(Reuters) - A federal jury convicted a New York man on Tuesday of hacking into AT&T Inc servers and stealing the email addresses and other personal data of about 120,000 Apple Inc iPad users, a U.S. attorney in New Jersey said.
Andrew Auernheimer, 27, was convicted by a Newark, New Jersey, jury of one count of conspiracy to access the servers without permission, as well as one count of identity theft, said U.S. Attorney Paul Fishman.
The defendant faces a maximum five years in prison and $250,000 fine on each count. A co-defendant, Daniel Spitler, pleaded guilty to the same charges in June 2011 and is awaiting sentencing.
Prosecutors said Auernheimer and Spitler were affiliated with Goatse Security, a group of Internet "trolls" that tries to disrupt online content and services.
According to the government, the men used an "account slurper" that was designed to match email addresses with "integrated circuit card identifiers" for iPad users, and which conducted a "brute force" attack to extract data about those users, who accessed the Internet through AT&T's network.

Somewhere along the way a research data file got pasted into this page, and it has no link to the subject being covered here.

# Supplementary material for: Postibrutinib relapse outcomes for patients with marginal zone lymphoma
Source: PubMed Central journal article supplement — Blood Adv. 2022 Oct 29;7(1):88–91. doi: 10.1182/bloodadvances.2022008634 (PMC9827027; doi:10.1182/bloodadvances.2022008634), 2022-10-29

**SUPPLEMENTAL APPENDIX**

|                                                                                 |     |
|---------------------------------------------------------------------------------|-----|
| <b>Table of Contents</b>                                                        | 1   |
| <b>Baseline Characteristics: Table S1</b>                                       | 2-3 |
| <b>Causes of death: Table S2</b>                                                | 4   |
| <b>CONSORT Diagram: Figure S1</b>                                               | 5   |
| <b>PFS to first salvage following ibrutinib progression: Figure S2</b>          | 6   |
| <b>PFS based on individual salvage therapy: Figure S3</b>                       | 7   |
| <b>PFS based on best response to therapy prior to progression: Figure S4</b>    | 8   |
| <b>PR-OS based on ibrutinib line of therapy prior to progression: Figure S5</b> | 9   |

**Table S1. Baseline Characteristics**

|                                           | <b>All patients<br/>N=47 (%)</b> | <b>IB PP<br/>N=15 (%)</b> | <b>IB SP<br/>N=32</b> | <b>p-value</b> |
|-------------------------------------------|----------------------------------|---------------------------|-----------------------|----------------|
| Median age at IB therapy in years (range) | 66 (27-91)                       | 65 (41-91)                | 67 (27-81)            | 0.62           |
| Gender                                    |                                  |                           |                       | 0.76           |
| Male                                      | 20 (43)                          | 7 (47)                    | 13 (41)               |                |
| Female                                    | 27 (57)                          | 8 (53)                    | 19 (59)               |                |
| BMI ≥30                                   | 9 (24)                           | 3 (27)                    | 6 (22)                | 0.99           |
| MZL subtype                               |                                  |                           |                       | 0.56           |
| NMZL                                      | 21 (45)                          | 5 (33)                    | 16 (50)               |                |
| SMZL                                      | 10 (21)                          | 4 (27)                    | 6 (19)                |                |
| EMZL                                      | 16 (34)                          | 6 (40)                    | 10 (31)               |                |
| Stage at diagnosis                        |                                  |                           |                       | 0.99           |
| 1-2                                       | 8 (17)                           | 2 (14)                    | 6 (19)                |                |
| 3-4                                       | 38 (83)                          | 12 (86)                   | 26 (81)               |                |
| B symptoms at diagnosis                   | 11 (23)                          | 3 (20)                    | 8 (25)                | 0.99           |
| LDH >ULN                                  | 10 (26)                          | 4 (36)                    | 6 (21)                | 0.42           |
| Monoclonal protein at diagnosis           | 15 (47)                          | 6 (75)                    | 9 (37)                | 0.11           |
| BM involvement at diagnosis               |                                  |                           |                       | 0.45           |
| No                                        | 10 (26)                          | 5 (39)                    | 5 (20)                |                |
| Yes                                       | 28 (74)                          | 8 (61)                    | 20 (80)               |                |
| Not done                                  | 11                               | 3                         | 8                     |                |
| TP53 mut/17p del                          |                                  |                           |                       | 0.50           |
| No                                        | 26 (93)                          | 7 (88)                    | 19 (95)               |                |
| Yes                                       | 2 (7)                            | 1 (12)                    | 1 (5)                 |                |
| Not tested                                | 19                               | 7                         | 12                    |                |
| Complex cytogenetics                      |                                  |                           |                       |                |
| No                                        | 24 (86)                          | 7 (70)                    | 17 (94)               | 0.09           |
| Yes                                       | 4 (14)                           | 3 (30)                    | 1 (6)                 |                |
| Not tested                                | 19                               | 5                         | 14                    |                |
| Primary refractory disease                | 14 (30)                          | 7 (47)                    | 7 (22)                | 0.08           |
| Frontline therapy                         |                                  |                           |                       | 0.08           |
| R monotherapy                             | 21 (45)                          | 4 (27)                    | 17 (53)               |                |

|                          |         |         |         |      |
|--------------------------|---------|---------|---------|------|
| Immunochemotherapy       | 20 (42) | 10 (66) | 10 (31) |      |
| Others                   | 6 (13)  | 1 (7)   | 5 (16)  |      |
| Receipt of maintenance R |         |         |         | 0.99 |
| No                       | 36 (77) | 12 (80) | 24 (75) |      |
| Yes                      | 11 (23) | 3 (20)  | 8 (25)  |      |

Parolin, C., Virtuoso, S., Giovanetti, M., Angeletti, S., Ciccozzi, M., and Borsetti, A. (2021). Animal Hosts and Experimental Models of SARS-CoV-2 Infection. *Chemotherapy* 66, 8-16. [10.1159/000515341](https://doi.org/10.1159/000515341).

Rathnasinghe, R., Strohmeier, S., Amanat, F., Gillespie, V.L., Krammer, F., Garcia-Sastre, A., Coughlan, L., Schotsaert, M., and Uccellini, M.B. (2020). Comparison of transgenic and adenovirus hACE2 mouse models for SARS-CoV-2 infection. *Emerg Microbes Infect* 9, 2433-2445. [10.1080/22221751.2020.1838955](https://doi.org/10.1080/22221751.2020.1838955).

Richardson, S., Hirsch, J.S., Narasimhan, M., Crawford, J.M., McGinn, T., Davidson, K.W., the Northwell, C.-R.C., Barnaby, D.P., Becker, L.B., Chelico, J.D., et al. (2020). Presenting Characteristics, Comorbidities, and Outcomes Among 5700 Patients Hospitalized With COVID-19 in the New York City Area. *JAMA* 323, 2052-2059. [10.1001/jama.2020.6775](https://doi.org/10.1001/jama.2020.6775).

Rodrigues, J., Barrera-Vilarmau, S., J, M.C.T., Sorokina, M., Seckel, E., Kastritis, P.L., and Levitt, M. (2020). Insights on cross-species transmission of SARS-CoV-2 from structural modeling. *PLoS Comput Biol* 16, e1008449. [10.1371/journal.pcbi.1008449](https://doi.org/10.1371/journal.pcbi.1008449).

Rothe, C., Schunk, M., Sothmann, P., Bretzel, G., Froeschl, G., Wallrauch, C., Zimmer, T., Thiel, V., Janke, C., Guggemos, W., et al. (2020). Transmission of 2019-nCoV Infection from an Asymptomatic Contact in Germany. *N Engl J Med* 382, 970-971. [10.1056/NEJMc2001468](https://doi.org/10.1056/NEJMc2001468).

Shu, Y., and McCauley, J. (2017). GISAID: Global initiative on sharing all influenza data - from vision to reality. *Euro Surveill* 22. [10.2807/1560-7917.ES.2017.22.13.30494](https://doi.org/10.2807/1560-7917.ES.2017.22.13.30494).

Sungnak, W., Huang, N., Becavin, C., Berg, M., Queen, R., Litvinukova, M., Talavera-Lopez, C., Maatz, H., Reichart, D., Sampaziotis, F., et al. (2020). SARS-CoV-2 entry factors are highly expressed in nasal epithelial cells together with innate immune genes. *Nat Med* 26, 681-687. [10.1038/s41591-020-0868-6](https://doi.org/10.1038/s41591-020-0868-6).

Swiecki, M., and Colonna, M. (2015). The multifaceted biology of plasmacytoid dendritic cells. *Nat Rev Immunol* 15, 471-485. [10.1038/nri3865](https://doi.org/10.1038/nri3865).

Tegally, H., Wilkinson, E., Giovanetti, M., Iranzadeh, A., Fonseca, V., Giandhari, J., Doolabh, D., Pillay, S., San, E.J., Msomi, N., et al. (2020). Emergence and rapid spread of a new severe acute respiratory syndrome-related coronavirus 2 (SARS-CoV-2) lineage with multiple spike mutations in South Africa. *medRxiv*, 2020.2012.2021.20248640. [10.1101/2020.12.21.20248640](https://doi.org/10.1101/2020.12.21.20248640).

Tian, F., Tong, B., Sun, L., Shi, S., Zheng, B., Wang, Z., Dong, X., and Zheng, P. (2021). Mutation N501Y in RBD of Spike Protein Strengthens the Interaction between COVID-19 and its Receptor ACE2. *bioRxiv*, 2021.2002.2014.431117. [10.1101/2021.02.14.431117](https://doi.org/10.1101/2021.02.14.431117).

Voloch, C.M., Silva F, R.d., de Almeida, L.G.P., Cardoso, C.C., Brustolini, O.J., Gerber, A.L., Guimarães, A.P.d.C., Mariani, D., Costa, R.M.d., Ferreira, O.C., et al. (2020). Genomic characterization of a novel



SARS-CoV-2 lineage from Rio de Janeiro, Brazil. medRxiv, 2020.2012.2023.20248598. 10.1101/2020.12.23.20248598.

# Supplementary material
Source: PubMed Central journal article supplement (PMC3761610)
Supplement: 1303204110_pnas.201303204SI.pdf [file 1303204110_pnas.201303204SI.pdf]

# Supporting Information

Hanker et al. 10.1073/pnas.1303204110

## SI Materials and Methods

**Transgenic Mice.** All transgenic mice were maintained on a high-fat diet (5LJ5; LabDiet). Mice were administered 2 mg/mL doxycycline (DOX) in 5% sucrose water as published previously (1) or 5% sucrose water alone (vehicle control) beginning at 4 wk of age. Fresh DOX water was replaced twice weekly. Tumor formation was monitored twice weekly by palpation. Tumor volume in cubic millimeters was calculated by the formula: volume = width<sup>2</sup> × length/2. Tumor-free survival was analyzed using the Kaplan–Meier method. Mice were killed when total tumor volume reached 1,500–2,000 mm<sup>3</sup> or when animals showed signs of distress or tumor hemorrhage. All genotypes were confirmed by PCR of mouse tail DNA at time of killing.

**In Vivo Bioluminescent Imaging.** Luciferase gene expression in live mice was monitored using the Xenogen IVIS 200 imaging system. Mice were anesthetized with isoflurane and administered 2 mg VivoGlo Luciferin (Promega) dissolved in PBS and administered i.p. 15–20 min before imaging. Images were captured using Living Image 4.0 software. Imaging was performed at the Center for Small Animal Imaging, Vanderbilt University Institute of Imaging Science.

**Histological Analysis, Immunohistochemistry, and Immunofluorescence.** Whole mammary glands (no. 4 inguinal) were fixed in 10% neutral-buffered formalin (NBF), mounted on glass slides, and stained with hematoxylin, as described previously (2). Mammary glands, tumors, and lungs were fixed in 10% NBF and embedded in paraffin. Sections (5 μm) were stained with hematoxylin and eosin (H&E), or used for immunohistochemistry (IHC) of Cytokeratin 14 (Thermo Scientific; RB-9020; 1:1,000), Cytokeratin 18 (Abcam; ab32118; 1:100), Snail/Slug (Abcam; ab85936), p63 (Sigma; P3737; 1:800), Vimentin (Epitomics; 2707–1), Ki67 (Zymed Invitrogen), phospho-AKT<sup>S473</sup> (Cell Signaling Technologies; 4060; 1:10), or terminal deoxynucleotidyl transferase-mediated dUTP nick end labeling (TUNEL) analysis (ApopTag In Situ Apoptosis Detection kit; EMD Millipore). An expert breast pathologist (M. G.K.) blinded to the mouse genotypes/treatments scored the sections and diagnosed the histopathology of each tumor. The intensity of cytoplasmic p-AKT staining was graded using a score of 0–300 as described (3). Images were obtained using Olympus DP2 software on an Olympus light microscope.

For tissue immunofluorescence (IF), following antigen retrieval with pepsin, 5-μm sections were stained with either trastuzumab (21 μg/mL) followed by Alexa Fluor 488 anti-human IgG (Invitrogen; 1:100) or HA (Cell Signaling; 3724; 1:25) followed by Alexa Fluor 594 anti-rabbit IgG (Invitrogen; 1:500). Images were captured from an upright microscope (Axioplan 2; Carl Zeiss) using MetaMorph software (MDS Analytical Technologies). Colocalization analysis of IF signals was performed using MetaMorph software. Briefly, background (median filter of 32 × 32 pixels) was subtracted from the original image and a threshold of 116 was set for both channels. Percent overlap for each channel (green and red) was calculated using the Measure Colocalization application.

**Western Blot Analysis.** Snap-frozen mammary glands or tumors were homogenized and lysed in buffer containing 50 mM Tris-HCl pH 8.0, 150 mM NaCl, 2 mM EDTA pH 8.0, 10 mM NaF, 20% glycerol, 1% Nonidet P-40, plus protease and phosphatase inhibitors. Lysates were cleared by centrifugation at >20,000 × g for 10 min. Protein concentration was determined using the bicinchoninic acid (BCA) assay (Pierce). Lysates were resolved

The authors of the slurper then provided stolen information to the website Gawker, which published an article naming well-known people whose emails had been compromised, including ABC News anchor Diane Sawyer, New York Mayor Michael Bloomberg and current Chicago Mayor Rahm Emanuel, prosecutors said.
Tor Ekeland, a lawyer for Auernheimer, said his client was free on bail, and planned to appeal the verdict to the 3rd U.S. Circuit Court of Appeals in Philadelphia.
"We disagree with the prosecutors' interpretation of what constitutes unauthorized access to a computer under the Computer Fraud and Abuse Act," Ekeland said in a phone interview. He called the prosecutors' interpretation of that federal law "extremely expansive."
The trial lasted about one week, excluding a disruption related to Hurricane Sandy, and jurors deliberated for a couple of hours, Ekeland added.
AT&T has partnered with Apple in the United States to provide wireless service on the iPad. After the hacking, it shut off the feature that allowed email addresses to be obtained.
The case is U.S. v. Auernheimer, U.S. District Court, District of New Jersey, No. 11-00470.
(Editing by Peter Cooney)